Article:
Lymphocytes from rheumatoid arthritis patients have elevated levels of intracellular peroxiredoxin 2, and a greater frequency of cells with exofacial peroxiredoxin 2, compared with healthy human lymphocytes.
ABSTRACT Peroxiredoxin 2 has immune regulatory functions, but its expression in human peripheral blood lymphocytes and levels in extracellular fluid in healthy subjects and rheumatoid arthritis patients are poorly described. In the present study, the median intracellular peroxiredoxin 2 protein content of lymphocytes from rheumatoid arthritis patients was more than two-fold higher compared with healthy subjects' lymphocytes. Intracellular peroxiredoxin 3 levels were similar in healthy and rheumatoid arthritis lymphocytes. Flow cytometry detected peroxiredoxin 2 on the surface of ca. 8% of T cells and ca. 56% of B cells (median % values) of all subjects analyzed. Exofacial thioredoxin-1 was also observed. In the total lymphocyte population from rheumatoid arthritis patients, few cells (median, 6%) displayed surface peroxiredoxin 2. In contrast, a significantly increased proportion of interleukin-17(+ve) lymphocytes were exofacially peroxiredoxin 2(+ve) (median, 39%). Prdx2 was also detected in human extracellular fluids. We suggest that crucial inflammatory cell subsets, i.e. interleukin-17(+ve) T cells, exhibit increased exofacial redox-regulating enzymes and that peroxiredoxin 2 may be involved in the persistence of pro-inflammatory cells in chronic inflammation.
Article: Dietary antioxidants in inflammatory arthritis: do they have any role in etiology or therapy?[show abstract] [hide abstract]
ABSTRACT: Rheumatoid arthritis is an autoimmune-mediated inflammatory disease of unknown etiology, and is characterized by joint pain and soft-tissue swelling. The role of dietary antioxidants in the prevention and amelioration of symptoms in inflammatory joint disease has been of interest for many years. Epidemiological studies provide evidence of a link between dietary antioxidant intake and the likelihood of developing inflammatory arthritis. Interventional studies of antioxidant supplementation in established disease have been inconclusive overall; however, the quality of such studies has often been poor. The pathways by which antioxidant compounds might act are now better understood. In this Review, we explore not only some of the accepted mechanisms of antioxidant function but also outline some concepts that could aid further investigation of the potential therapeutic role of dietary antioxidants in inflammatory arthritis.Nature Clinical Practice Rheumatology 10/2008; 4(11):590-6. · 5.85 Impact Factor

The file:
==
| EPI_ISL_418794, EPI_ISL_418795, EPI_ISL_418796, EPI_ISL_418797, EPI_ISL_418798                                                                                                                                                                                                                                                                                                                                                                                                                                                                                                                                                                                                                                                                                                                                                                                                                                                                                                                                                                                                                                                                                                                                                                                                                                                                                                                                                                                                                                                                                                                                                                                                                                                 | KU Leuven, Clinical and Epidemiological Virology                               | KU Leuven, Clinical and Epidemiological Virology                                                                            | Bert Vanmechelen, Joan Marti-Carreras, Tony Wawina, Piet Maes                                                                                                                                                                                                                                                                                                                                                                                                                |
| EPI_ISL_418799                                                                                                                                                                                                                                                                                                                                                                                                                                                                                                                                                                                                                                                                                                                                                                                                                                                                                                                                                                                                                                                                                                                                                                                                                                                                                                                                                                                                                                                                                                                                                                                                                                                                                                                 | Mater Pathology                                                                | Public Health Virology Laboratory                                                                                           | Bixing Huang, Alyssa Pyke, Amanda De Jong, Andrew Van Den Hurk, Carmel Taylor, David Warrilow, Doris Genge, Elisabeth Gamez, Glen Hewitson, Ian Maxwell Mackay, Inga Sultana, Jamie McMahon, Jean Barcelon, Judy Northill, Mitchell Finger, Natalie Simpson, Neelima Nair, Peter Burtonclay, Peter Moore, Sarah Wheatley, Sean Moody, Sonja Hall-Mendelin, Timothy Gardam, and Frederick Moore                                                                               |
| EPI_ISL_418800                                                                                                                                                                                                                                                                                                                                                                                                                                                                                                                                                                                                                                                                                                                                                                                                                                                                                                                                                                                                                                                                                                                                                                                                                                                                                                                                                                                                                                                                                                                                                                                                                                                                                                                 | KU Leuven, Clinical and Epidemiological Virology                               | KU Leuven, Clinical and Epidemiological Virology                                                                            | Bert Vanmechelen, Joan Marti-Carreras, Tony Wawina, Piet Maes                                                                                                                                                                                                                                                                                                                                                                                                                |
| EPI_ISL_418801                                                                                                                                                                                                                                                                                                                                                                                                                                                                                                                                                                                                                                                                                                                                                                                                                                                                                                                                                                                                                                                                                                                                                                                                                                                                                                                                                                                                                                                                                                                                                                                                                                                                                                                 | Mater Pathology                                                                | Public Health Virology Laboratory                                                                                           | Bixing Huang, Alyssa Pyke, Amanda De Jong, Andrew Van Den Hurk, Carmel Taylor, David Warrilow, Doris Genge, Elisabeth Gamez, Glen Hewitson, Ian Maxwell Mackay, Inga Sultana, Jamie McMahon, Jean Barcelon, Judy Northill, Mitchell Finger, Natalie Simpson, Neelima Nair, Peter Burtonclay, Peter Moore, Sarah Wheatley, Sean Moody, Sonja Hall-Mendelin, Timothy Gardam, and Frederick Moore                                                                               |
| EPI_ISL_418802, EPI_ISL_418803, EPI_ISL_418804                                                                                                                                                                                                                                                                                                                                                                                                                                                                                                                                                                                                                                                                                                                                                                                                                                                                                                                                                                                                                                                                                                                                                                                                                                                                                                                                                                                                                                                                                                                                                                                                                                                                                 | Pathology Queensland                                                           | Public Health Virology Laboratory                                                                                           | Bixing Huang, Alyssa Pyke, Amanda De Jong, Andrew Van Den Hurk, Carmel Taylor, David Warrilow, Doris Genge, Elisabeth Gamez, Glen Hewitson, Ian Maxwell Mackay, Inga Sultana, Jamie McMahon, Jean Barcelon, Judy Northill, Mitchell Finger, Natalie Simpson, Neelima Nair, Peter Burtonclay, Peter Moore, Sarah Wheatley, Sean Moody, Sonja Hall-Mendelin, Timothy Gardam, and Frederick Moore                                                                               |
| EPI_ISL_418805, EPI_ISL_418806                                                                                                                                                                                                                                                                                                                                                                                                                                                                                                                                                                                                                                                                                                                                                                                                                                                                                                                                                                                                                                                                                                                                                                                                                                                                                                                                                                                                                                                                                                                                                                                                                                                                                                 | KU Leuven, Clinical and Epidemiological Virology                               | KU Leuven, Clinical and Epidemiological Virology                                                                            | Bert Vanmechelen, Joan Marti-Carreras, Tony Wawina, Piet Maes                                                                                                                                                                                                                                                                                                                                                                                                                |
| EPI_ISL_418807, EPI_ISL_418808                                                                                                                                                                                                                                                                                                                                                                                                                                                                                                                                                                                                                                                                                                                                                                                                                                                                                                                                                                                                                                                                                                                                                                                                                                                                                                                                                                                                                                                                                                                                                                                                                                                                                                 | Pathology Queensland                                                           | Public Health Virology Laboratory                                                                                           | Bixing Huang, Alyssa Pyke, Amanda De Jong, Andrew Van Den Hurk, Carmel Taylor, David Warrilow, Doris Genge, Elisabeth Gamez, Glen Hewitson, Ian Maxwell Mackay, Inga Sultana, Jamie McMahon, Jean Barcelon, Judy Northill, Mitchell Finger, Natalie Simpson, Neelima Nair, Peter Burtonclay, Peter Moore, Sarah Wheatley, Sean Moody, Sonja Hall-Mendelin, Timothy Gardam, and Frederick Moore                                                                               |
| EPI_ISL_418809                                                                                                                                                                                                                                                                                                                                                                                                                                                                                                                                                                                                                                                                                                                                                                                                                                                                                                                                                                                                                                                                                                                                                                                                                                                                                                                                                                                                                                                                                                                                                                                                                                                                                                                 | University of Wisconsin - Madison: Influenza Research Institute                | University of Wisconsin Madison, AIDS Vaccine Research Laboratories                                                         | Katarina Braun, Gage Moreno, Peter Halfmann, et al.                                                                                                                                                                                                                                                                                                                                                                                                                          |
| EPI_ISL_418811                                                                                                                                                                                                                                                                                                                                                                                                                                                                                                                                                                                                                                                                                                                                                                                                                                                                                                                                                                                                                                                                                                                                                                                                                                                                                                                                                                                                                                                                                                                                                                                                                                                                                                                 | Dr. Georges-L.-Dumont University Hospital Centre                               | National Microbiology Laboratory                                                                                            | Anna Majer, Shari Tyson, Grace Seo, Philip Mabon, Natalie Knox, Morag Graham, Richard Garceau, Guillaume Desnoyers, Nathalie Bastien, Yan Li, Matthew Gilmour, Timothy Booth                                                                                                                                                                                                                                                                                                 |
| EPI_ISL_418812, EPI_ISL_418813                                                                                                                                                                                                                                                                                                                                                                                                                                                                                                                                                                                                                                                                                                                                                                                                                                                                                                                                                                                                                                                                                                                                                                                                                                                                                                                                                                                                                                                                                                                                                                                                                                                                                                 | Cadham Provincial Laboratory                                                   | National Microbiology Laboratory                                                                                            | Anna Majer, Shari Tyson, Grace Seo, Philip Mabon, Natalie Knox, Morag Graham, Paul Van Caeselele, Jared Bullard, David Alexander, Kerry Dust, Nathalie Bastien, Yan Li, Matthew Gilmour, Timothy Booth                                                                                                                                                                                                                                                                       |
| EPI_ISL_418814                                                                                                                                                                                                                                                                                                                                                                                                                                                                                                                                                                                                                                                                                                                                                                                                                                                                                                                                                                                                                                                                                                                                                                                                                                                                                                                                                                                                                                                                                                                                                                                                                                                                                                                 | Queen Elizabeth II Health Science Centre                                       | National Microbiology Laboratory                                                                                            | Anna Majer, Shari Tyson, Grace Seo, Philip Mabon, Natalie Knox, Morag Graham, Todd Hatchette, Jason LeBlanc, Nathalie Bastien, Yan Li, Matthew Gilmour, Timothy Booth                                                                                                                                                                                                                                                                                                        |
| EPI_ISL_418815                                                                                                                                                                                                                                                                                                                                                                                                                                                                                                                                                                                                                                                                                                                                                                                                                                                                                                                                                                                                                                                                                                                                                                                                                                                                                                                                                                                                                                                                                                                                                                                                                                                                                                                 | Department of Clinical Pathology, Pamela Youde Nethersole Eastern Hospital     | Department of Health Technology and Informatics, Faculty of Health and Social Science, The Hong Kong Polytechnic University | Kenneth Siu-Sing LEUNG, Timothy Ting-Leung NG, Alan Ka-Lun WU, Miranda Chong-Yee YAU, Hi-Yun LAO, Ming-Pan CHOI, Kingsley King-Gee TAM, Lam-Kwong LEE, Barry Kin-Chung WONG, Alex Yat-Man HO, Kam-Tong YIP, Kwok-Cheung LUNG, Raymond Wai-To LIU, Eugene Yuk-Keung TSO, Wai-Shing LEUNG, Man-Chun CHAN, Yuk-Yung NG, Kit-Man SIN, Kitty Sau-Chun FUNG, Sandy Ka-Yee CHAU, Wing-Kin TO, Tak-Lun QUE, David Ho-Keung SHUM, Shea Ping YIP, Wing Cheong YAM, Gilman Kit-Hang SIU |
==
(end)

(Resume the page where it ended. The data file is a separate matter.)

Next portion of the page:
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ABSTRACT: Cigarette smoke, the major risk factor for lung cancer, induces an accumulation of reactive oxygen species. These have multiple effects on cell defense, cell proliferation and cell death. Thus, compounds involved in the regulators of redox balance can be hypothesized to play a fundamental role in both carcinogenesis and tumor progression. Here, we have evaluated the expressions of all 6 peroxiredoxins (Prxs I-VI) in lung carcinomas. Prxs represent a protein family with the capability of breaking down hydrogen peroxide; thus, they can participate in cellular antioxidant defense, regulate cell proliferation and increase drug resistance of cultured cells. Altogether 92 cases were investigated by immunohistochemistry, including 32 adenocarcinomas, 45 squamous cell, 9 small cell and 6 other carcinomas. Additionally, 11 cases with adenocarcinoma or squamous cell carcinoma were studied by Western analysis and/or by RT-PCR. Prxs I, II, IV and VI were particularly elevated in lung carcinomas as assessed by immunohistochemistry and/or RT-PCR. Western analysis revealed that Prxs I and IV were significantly elevated in tumors compared to nonmalignant tissue (p = 0.04 and 0.002, respectively). There were remarkable variations in Prx expression in various tumor subtypes, the most striking being Prx IV expression, which was mainly associated with adenocarcinoma. Elevated Prx VI expression was associated with high-grade squamous cell carcinoma (p = 0.03) and Prx II expression, with advanced tumor stage (p = 0.01). Our results suggest that Prxs may have effects on the progression of lung cancer.International Journal of Cancer 10/2004; 111(4):514-21. · 5.44 Impact Factor
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ABSTRACT: There is mounting evidence indicating that the synovial fibroblasts (SFs) contribute to the pathogenesis of rheumatoid arthritis (RA). The present study showed the differential proteins expression pattern of SFs from patients with RA or osteoarthritis (OA) and healthy control. Cellular proteins of cultured SFs were subjected to 2-DE and visualized by silver nitrate staining. A total of 49 spots that were statistically and differentially overexpressed in RA or OA in comparison to healthy ones were identified by MALDI-TOF-MS, and 25 proteins were successfully identified. Western blot was used to further verify some of the differential proteins. These proteins included enzymatic and structural proteins, signal transduction proteins, calcium binding protein, etc. From all of the identified proteins, a number of proteins have been implicated that involved in the healthy or pathological SFs function (e.g., S100A4, S100A10, cathepsin D) or that have potential diagnostic and prognostic value for RA (alpha-enolase and TPI) or that may be the new therapeutic targets (Annexin, SOD, PRX).Clinical Rheumatology 10/2008; 28(2):191-9. · 2.00 Impact Factor